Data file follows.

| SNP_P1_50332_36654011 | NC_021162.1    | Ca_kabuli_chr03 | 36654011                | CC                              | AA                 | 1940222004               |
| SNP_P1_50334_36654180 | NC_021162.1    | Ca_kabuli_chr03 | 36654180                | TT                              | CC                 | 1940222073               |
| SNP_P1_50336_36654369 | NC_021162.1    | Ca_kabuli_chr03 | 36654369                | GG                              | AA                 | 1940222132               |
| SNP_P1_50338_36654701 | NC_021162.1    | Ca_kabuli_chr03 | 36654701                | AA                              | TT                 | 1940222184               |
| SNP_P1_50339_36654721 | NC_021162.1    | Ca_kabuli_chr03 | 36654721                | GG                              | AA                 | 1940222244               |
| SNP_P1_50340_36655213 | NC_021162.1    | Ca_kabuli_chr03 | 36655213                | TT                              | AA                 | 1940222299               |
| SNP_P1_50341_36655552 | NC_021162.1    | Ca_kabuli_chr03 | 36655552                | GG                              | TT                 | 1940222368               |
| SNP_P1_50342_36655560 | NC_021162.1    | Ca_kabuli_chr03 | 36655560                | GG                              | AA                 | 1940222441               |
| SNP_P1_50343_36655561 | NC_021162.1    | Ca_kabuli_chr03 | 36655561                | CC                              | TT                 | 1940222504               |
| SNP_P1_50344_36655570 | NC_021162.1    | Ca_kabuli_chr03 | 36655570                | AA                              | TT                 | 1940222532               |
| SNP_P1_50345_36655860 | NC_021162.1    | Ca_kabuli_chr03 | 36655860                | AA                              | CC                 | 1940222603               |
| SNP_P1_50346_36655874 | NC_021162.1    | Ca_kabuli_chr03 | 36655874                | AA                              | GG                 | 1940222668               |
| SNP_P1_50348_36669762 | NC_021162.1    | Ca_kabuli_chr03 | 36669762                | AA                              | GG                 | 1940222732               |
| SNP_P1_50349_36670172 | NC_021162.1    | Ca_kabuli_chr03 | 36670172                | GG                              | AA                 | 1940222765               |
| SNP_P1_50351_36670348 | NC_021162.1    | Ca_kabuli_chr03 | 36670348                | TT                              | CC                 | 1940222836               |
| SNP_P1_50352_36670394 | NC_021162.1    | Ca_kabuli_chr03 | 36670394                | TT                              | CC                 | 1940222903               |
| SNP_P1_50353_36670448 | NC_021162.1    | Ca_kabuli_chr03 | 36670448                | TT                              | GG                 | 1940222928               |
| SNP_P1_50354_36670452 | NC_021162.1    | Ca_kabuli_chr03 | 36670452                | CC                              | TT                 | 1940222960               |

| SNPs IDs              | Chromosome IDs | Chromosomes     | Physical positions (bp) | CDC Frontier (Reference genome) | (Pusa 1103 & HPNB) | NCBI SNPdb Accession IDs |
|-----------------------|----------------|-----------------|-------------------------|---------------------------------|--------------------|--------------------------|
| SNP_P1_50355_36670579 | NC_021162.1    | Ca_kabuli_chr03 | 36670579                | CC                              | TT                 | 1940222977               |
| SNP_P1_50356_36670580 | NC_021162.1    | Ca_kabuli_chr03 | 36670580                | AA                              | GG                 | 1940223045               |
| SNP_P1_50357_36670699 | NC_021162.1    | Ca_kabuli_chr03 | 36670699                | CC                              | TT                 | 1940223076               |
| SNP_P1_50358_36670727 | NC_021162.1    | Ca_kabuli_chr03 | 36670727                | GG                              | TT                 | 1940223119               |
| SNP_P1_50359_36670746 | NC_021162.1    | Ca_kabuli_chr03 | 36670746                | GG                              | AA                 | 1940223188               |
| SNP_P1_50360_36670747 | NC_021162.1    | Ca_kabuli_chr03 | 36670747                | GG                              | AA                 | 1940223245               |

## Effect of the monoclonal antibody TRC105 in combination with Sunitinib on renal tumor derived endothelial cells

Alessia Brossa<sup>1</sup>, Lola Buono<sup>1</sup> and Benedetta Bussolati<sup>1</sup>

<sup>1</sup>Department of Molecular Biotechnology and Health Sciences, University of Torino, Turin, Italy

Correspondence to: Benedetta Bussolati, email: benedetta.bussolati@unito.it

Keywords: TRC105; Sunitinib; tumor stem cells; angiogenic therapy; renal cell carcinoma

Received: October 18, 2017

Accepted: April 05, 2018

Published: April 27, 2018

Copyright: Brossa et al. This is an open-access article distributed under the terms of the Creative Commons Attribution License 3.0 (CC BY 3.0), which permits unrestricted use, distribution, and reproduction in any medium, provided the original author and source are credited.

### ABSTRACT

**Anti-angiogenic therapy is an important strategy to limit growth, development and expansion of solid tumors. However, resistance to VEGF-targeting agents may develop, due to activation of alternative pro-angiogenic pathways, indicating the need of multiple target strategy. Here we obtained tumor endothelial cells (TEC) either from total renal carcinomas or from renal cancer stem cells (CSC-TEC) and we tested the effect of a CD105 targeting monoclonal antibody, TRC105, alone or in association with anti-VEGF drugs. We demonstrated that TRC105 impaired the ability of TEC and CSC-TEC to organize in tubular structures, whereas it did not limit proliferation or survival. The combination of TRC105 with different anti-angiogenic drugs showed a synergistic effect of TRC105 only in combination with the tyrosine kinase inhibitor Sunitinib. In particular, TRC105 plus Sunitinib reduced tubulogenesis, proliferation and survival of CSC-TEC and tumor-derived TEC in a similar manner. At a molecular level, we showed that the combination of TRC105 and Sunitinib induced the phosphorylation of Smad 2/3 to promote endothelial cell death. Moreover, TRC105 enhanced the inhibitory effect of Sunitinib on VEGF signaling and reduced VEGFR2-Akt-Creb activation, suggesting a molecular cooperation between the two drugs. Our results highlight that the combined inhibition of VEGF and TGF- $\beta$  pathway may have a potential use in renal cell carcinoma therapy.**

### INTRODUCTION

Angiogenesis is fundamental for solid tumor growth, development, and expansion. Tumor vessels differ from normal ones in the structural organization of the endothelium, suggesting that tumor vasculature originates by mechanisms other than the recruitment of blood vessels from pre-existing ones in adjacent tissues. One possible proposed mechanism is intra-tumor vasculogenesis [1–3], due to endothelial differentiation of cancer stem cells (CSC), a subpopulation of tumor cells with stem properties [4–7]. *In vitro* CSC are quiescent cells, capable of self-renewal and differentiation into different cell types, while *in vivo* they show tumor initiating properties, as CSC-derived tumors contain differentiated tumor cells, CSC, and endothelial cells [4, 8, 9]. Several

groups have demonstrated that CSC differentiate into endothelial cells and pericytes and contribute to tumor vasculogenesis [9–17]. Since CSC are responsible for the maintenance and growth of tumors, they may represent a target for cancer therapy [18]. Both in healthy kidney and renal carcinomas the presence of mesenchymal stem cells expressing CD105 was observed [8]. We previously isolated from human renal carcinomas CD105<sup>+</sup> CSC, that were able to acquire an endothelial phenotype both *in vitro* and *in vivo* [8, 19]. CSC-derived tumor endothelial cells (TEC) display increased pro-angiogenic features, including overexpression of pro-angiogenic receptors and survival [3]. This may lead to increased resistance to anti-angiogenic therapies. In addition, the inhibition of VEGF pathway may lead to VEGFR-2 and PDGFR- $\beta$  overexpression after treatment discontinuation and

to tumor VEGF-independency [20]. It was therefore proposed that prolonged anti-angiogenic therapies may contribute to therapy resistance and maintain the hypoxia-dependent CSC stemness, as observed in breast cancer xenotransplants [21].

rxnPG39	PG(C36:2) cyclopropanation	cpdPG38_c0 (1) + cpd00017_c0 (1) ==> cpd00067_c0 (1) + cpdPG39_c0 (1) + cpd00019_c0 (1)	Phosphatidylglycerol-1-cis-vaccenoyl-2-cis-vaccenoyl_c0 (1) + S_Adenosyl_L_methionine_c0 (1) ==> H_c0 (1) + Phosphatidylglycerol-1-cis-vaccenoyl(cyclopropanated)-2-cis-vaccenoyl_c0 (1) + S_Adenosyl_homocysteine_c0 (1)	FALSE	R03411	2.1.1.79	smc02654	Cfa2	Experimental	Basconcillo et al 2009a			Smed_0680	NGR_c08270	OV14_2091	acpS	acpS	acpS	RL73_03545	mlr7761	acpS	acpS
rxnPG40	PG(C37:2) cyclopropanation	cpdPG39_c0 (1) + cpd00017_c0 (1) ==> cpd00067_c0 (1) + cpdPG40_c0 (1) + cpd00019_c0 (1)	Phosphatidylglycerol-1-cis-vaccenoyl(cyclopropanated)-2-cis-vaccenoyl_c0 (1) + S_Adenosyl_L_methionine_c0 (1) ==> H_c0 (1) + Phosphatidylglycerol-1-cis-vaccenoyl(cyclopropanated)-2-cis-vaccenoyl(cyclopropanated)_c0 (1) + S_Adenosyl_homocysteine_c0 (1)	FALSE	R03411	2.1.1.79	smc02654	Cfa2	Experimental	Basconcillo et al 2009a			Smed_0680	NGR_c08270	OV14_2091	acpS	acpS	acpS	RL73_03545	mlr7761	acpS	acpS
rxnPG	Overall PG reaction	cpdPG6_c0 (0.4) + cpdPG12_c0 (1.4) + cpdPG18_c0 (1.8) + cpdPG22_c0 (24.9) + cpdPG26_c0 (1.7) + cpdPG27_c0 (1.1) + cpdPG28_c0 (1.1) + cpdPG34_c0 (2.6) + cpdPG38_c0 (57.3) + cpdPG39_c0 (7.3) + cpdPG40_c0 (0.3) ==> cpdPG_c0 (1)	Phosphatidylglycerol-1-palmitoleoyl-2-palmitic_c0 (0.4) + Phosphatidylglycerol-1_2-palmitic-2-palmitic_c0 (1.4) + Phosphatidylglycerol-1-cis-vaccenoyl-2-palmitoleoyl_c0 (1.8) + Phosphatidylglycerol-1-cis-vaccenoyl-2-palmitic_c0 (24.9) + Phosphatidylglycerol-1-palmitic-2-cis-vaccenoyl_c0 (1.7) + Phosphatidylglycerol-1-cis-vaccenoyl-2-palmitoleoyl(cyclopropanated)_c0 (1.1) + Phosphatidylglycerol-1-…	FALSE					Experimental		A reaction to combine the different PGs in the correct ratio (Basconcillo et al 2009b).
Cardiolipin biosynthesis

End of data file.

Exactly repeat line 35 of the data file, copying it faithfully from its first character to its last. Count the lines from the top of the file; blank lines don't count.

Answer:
Copyright: Brossa et al. This is an open-access article distributed under the terms of the Creative Commons Attribution License 3.0 (CC BY 3.0), which permits unrestricted use, distribution, and reproduction in any medium, provided the original author and source are credited.